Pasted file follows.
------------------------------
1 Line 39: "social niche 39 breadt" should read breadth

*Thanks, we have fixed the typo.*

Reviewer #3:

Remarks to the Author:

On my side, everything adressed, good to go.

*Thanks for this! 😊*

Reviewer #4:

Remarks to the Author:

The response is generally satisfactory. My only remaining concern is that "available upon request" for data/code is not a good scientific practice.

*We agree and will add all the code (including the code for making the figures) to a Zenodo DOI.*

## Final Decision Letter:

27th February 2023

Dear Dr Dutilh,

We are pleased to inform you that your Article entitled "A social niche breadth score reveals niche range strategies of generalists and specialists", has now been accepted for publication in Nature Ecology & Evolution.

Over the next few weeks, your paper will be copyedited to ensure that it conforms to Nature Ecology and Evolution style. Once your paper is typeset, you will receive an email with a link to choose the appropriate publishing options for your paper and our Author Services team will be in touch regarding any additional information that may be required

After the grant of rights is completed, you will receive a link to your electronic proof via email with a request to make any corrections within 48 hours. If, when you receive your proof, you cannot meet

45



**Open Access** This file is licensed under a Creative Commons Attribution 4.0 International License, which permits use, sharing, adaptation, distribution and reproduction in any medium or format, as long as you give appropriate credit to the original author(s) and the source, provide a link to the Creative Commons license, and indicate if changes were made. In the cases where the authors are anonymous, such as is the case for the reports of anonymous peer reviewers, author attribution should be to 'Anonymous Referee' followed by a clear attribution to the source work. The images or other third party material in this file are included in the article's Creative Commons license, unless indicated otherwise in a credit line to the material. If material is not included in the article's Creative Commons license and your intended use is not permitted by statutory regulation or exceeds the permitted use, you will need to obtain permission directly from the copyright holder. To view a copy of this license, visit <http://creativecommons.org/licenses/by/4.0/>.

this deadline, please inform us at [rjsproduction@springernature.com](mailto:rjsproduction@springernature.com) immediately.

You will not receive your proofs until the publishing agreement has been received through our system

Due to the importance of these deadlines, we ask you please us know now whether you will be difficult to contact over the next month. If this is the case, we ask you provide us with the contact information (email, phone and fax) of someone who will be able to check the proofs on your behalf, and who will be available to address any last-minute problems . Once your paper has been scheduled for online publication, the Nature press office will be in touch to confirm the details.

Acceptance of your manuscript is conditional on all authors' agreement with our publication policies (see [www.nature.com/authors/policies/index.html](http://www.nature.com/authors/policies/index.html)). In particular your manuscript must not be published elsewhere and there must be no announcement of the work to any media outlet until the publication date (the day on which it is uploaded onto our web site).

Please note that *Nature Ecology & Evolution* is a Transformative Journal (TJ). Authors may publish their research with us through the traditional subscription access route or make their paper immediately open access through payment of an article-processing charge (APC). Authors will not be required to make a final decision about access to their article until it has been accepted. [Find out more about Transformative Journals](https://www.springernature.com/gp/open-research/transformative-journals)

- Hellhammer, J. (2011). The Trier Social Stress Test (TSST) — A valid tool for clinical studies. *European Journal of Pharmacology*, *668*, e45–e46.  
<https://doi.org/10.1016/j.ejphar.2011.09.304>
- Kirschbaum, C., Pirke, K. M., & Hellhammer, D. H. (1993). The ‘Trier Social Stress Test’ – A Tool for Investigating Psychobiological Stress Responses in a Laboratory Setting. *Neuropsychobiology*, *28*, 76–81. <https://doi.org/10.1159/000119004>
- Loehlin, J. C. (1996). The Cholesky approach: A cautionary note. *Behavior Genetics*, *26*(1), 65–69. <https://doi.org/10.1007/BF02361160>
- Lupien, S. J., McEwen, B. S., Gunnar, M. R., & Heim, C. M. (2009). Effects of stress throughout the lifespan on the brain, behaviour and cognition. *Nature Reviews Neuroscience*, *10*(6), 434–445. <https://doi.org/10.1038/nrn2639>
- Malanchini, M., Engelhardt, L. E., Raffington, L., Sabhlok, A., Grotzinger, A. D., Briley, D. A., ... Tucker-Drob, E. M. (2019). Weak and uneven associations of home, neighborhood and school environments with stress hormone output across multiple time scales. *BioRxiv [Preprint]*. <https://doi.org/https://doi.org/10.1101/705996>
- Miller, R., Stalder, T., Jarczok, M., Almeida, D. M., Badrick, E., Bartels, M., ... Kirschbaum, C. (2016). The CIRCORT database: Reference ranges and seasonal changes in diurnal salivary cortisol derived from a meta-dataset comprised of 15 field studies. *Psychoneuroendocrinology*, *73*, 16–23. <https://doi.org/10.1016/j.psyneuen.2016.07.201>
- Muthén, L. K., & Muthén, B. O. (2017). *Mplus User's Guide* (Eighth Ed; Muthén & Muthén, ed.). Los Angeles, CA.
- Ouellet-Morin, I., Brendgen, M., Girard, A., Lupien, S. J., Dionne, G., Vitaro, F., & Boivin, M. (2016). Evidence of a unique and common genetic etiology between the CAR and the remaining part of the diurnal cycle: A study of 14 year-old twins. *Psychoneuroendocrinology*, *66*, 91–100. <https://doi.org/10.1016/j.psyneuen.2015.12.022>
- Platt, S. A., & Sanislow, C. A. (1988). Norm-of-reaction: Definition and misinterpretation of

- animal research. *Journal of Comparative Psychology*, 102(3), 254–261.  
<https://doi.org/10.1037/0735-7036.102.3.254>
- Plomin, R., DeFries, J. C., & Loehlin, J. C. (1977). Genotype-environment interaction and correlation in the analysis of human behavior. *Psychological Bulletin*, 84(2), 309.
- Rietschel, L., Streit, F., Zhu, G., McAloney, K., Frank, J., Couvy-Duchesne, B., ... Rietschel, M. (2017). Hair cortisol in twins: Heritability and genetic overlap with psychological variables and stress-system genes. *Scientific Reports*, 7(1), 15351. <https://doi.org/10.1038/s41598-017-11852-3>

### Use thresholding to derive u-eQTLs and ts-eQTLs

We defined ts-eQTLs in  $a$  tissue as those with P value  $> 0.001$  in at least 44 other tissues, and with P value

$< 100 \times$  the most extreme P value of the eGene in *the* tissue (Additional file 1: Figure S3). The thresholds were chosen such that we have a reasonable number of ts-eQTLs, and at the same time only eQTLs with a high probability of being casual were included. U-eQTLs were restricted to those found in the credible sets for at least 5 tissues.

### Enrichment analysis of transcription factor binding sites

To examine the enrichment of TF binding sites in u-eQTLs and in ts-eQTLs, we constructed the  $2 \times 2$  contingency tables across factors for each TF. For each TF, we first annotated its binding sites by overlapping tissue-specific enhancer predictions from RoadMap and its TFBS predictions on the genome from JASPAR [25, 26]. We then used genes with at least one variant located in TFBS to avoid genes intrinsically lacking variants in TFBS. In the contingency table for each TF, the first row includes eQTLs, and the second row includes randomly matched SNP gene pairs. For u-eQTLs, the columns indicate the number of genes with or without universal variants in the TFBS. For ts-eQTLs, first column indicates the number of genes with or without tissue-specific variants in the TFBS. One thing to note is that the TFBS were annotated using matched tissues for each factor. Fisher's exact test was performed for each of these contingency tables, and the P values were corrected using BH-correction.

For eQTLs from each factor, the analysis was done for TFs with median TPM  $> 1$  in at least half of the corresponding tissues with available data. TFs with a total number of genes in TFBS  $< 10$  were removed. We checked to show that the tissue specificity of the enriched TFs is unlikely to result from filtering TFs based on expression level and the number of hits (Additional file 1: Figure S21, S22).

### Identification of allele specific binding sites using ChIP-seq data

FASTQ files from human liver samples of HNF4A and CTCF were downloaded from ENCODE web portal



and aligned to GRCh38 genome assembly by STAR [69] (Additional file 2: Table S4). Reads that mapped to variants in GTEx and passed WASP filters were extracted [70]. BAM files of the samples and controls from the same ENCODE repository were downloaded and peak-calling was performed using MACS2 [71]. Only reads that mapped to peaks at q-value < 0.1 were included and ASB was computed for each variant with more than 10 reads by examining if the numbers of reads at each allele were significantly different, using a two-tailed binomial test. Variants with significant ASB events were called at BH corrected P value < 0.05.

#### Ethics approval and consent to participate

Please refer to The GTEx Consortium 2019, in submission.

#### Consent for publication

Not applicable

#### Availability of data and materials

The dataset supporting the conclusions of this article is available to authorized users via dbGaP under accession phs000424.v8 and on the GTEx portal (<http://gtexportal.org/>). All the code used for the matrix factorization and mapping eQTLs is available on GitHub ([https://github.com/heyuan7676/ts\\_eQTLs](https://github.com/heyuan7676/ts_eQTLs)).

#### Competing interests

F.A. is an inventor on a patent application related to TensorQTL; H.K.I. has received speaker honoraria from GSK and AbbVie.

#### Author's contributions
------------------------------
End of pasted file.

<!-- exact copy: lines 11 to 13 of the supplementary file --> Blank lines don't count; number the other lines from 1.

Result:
## Final Decision Letter:

27th February 2023

Dear Dr Dutilh,